Horner Criticizes F1’s Sprint Parc Ferme Regulations

Red Bull Team Principal Christian Horner voices his dissatisfaction with the Formula 1 sprint parc ferme regulations, branding it a "joke".


By Ben Bush
Updated on February 2, 2024

Horner Criticizes F1's Sprint Parc Ferme Regulations

Red Bull Team Principal Christian Horner voices his dissatisfaction with the Formula 1 sprint parc ferme regulations, particularly after a contentious sprint weekend in Austin, branding it a “joke”.

In 2023, F1 adjusted the sprint race format for six races. The main grand prix qualifying was shifted to Friday afternoon. This was followed by sprint qualifying on Saturday, preceding Sunday’s grand prix.

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After the free practice session on Friday morning, cars are subjected to parc ferme regulations. This implies that teams must adhere to their chosen car setups, and there are stringent restrictions on any alterations for the duration of the weekend.

During the recent United States Grand Prix, Charles Leclerc from Ferrari and Lewis Hamilton from Mercedes faced disqualifications due to abnormal floor plank degradation. The sprint format and the protracted parc ferme regulations likely took both teams by surprise.

If teams need to modify their setups, they risk being thrown out of qualifying and must start the race from the pitlane.

Christian Horner, team principal of Red Bull, expressed his frustration, labelling it a “joke” that teams are committed to their setups after merely an hour of action on Friday.

“For me, parc ferme is a bit of a joke. You have one session to set your car up. And then the engineers may as well go home at that point,” Horner said.

“So, that needs looking at and that I’m sure was a contributing factor to the ride height issues of the teams that fell foul of the regulations.

“Effectively, it’s just a long run on a sprint race. And there’s no real jeopardy to it, there’s no real incentive behind it.”

Horner’s leading driver, Max Verstappen, is not a fan of sprint races. He believes they should be eliminated, stating he derives “no pleasure” from securing victories in them.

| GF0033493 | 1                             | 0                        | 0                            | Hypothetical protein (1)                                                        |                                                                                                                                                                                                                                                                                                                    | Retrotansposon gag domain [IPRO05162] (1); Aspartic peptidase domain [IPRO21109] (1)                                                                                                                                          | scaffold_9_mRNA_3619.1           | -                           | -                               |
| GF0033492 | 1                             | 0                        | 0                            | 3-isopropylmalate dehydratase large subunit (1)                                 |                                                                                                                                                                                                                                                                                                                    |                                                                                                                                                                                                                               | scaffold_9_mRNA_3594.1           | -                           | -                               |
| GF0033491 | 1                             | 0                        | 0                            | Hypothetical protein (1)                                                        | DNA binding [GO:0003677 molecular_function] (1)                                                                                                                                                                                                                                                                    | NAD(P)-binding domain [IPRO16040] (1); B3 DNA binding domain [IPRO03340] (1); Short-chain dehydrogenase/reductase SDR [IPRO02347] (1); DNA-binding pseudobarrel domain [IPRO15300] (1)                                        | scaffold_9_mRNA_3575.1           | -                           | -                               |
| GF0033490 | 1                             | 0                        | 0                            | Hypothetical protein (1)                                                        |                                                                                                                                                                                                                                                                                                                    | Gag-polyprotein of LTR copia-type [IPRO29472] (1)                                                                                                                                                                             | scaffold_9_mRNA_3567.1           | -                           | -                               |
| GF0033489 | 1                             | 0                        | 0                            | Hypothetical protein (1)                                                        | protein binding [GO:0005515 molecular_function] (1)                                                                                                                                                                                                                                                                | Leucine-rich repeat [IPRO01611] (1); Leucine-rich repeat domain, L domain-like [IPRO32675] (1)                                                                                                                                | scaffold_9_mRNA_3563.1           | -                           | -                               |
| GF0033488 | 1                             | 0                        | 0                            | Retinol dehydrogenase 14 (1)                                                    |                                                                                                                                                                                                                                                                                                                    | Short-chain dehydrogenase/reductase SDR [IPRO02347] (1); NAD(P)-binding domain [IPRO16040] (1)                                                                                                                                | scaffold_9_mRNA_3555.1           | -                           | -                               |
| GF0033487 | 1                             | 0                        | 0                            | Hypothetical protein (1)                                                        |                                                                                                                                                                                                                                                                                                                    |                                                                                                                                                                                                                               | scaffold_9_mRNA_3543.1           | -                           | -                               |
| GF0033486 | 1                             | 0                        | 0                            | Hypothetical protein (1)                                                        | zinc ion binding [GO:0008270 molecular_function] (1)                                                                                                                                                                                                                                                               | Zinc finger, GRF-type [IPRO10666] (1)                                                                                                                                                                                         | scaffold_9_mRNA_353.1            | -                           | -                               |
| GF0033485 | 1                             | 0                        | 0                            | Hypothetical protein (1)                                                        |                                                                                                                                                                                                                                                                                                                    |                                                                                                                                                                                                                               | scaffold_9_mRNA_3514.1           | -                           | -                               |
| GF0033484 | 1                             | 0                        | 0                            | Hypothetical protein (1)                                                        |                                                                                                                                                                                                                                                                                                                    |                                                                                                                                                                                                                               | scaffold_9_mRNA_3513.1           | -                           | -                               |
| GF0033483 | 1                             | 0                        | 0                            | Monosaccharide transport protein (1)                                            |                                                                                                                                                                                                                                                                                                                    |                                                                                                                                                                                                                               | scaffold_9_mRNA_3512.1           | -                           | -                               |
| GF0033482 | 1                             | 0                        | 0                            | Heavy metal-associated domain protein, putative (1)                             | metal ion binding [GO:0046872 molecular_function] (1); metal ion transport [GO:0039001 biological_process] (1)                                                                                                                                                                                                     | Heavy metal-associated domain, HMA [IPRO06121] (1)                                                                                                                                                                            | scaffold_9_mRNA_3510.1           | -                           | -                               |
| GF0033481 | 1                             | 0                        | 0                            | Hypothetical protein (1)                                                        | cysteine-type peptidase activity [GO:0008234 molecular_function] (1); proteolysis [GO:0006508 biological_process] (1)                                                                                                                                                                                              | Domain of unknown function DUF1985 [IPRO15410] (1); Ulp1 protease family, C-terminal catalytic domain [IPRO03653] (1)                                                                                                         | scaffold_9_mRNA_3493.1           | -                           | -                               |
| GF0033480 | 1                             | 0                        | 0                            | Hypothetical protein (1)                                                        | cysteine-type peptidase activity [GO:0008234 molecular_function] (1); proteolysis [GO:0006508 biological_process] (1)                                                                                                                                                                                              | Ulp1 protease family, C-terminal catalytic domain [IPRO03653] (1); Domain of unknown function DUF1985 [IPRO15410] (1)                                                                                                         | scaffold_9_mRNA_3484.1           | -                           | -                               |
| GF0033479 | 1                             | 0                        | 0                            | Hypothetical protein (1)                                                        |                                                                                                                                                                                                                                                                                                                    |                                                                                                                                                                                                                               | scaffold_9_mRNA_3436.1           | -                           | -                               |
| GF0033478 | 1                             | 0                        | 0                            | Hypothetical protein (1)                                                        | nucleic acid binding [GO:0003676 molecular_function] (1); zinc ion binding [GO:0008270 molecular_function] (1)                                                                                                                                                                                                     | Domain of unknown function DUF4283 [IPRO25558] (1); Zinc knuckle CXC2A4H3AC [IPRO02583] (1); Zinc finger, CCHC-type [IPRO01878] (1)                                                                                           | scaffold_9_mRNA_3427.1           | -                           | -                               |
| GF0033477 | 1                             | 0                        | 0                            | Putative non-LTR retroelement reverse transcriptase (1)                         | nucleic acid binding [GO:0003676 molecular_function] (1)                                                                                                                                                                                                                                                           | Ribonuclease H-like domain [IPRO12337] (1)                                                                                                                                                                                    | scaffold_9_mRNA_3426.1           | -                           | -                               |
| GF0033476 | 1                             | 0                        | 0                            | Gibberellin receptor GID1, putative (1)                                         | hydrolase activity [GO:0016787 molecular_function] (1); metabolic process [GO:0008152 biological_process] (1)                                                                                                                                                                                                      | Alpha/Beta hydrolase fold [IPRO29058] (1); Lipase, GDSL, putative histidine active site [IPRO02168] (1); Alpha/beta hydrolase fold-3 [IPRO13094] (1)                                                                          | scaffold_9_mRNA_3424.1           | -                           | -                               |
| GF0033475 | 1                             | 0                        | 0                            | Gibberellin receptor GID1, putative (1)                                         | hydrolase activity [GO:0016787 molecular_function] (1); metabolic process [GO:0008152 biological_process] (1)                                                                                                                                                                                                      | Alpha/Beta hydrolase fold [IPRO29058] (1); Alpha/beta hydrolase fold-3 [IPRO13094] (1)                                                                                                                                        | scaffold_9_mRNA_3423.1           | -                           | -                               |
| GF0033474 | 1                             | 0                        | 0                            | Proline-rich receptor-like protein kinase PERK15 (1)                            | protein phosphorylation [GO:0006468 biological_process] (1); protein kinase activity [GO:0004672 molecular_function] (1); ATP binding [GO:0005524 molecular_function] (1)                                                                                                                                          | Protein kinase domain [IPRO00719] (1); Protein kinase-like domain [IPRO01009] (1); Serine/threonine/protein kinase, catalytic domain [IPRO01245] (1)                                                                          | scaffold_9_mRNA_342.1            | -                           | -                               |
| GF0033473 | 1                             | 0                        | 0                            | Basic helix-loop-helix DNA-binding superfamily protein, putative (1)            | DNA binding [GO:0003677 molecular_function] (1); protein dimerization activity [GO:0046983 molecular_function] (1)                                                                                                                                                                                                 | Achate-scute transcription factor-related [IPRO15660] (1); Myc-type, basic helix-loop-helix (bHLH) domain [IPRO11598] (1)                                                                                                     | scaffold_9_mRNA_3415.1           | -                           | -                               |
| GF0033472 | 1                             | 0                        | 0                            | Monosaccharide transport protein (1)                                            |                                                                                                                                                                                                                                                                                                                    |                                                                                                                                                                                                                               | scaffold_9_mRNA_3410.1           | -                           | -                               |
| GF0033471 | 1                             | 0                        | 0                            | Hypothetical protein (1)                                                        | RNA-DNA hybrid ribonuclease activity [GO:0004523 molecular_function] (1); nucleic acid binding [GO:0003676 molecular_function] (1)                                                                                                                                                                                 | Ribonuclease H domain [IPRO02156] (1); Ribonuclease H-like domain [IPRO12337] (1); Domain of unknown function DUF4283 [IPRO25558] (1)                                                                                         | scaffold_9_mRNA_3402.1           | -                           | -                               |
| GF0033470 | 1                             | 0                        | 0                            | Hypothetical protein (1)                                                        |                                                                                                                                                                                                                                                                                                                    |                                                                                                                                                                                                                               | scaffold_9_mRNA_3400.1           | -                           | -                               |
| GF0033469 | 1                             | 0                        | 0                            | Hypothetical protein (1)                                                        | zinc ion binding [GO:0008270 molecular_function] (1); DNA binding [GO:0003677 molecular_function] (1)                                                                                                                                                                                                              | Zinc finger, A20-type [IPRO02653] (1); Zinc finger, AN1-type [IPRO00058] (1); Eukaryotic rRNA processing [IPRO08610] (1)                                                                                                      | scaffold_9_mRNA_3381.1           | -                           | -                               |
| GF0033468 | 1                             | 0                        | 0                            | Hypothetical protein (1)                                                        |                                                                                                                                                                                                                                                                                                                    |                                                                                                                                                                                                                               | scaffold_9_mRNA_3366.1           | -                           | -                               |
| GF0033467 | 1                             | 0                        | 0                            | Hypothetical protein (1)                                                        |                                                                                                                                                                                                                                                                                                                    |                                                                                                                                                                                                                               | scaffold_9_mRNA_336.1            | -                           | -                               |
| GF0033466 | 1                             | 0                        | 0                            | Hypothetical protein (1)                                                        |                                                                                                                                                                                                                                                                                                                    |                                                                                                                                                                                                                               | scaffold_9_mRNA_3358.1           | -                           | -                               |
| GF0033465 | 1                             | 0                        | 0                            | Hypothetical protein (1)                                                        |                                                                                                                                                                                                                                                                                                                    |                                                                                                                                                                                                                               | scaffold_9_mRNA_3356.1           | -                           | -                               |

The sprint format has seen mixed results. While it led to an exciting race in Qatar, it failed to impress in Austin, with tyre wear often influencing the outcome.

Horner suggests that F1 survey fans to gauge their feelings towards this format. After all, the initial goal was to enhance the grand prix weekends for the audience.

“We should really go to the fans and get their feedback as well. What is it that they want?” Horner questioned.

“I think it’d be interesting to look at the data at the end of the year of how popular the sprint race has been because, at the end of the day, it’s all about the fans.

“The reason we do sprint races is to try and provide more entertainment to create a more attractive event.

“We have to be honest with ourselves at the end of the year when we’ve got all the samples of the sprint races and say: ‘Okay, what can we do better? What can be learned? And how can we improve the spectacle?'”

“If the drivers enjoy it and find it rewarding, and the teams find it rewarding, then I think the fans ultimately will.”

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About The Author

Chief Editor

Ben Bush

Ben is our chief editor specialising in F1 from the 1990s to the modern era. Ben has been following Formula 1 since 1986 and is an avid researcher who loves understanding the technology that makes it one of the most exciting motorsport on the planet. He listens to podcasts about F1 on a daily basis, and enjoys reading books from the inspirational Adrian Newey to former F1 drivers.

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